Of the eleven cents per hundred charged by the C. & N. W. R’y Co. there is no complaint. The rate being uniform to all parties and the haulage inter-State commerce, the Board are unable to interfere in the case. They recognize the fact that the Miami agent was culpable in giving an incorrect rate.

Des Moines, February 21, 1884.

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Loss and damage of

household goods.


Filed December 18, 1883.

Mr. E. A. Conrad, of Forest City, Iowa, filed in office, December 18, 1883, a complaint against the Minneapolis & St. Louis Railway Company, asking payment for loss of a box of household goods shipped by him via Chicago & Northwestern Railway from Webster City to Luverne, thence on the Minneapolis & St. Louis Railway to destination, Forest City. The goods were shipped on September 1, 1883, and at the date of filing his complaint had not been delivered to him. Complainant also asked for damages for non-delivery of goods, the sum of $150.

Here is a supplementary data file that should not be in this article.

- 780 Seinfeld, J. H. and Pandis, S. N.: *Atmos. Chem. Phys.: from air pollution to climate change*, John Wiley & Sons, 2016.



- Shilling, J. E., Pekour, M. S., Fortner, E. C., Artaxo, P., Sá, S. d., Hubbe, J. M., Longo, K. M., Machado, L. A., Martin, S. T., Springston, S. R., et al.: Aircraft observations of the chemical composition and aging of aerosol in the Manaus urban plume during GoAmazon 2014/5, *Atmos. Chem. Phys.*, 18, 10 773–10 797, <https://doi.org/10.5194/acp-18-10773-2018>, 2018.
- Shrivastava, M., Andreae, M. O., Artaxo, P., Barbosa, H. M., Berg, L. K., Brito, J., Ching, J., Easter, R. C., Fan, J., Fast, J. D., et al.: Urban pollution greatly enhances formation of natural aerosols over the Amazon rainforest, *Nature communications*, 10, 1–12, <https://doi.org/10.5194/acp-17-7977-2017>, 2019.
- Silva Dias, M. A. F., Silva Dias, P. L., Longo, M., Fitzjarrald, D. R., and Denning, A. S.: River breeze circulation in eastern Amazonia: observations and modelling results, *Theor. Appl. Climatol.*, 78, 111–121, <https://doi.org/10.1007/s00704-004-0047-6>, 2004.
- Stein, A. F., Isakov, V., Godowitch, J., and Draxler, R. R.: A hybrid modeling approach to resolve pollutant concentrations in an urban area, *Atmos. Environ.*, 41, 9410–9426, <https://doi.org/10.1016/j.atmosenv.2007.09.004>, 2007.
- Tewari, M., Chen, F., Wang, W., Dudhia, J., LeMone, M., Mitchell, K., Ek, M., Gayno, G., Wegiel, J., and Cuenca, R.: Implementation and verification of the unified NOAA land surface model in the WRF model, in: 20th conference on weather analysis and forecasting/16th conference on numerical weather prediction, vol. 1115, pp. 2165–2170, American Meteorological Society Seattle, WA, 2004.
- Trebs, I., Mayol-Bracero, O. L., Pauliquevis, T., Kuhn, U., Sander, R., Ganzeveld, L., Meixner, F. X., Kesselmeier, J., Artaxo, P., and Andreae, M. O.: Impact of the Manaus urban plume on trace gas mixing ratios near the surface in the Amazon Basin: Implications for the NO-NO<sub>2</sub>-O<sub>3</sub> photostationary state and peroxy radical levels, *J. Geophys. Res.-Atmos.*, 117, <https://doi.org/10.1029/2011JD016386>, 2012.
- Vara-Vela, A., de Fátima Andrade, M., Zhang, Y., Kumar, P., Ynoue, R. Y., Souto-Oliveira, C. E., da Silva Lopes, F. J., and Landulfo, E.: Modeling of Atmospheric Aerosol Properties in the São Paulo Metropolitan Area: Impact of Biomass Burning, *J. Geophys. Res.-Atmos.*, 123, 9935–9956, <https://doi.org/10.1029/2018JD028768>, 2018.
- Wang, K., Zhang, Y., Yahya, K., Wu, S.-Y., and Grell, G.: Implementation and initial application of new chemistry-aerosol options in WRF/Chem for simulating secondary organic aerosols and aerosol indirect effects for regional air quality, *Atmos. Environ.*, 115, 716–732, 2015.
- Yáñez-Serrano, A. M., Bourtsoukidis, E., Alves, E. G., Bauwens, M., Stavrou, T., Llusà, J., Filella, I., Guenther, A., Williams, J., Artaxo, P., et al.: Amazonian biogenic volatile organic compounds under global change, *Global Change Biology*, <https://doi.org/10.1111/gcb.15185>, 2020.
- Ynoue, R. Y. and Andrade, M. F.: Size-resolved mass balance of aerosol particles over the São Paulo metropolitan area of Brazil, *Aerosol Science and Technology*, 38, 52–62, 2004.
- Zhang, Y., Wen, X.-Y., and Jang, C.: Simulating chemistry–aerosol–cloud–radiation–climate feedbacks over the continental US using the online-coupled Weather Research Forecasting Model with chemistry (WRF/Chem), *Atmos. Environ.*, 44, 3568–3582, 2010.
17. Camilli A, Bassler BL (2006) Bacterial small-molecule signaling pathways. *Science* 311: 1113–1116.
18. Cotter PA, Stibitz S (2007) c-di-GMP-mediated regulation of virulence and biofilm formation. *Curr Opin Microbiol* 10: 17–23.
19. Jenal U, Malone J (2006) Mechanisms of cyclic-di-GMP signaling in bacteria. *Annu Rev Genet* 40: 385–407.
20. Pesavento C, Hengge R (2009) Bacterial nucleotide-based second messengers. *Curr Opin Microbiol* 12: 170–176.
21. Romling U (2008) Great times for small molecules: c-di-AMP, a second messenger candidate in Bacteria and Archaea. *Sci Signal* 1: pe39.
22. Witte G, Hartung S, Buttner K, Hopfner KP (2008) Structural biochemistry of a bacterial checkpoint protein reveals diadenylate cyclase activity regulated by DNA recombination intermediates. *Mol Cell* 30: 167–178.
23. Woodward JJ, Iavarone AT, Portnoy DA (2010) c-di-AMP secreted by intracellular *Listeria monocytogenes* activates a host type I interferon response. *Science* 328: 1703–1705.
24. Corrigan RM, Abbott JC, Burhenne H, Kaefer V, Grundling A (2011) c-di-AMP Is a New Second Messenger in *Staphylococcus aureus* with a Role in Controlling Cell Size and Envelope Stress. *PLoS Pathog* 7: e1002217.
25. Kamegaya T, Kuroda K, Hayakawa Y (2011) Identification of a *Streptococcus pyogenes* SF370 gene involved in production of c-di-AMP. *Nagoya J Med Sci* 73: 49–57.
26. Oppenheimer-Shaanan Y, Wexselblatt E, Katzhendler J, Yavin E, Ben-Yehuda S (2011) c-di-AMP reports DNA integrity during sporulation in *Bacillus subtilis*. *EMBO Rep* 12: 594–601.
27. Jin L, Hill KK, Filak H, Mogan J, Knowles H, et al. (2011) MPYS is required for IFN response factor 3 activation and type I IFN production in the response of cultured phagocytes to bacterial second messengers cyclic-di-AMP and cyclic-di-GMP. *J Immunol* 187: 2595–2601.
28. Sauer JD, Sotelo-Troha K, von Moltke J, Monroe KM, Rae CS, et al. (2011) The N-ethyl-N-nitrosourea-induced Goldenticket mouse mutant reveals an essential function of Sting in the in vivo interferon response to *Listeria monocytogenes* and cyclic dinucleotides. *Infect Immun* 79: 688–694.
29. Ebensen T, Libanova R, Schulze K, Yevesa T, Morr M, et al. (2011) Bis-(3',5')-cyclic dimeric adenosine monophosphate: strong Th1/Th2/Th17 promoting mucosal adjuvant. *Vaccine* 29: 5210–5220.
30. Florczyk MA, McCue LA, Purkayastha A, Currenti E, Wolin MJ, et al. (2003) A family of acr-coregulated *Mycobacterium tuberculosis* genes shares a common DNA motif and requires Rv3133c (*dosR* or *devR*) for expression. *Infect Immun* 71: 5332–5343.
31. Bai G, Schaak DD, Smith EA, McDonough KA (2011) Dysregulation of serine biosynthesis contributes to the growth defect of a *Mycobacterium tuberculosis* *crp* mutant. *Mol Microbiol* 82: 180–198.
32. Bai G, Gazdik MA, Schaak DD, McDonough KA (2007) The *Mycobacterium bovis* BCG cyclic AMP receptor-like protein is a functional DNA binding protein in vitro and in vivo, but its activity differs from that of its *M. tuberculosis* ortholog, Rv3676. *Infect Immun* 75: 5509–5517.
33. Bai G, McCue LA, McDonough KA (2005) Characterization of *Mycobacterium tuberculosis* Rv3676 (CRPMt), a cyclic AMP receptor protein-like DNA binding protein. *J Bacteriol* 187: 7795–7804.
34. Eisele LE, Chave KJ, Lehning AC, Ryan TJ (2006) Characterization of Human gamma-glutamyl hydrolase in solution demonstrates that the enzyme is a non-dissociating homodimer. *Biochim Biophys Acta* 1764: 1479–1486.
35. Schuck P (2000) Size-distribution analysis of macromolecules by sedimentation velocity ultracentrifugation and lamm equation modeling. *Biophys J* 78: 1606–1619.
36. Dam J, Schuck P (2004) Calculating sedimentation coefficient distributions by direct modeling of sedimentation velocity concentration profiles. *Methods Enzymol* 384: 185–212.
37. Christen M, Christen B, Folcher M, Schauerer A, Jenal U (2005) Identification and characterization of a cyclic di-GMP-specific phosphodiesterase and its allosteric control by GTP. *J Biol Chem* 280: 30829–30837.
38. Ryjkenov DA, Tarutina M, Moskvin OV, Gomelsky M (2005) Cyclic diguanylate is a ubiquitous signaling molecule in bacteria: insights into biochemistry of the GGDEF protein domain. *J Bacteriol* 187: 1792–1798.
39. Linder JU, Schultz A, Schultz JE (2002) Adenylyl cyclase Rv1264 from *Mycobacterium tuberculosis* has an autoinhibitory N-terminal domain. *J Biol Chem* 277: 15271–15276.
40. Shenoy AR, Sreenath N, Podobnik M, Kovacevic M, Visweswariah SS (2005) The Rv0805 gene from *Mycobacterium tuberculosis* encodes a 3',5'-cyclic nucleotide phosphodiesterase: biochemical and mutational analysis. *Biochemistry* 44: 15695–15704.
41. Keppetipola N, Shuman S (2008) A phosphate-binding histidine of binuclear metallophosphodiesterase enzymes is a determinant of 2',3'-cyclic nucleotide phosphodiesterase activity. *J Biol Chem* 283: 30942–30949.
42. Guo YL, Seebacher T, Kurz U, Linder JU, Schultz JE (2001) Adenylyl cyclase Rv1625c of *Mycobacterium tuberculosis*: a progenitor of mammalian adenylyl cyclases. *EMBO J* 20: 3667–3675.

The complaint being referred to the officers of the M. & St. L. R’y, it was found on investigation that this box had never been delivered to the latter road at Luverne, but had been carried by the receiving company to Kasota Junction, Minn., where it was subsequently found and forwarded to destination.

Action against the M. & St. L. R’y having been dismissed, an amended complaint was filed with the Commissioners on January 19, 1884, claiming from the Chicago & Northwestern Railway Co. the sum of $94.25, as danages for delay in forwarding the goods, which respondent paid and the case was dismissed.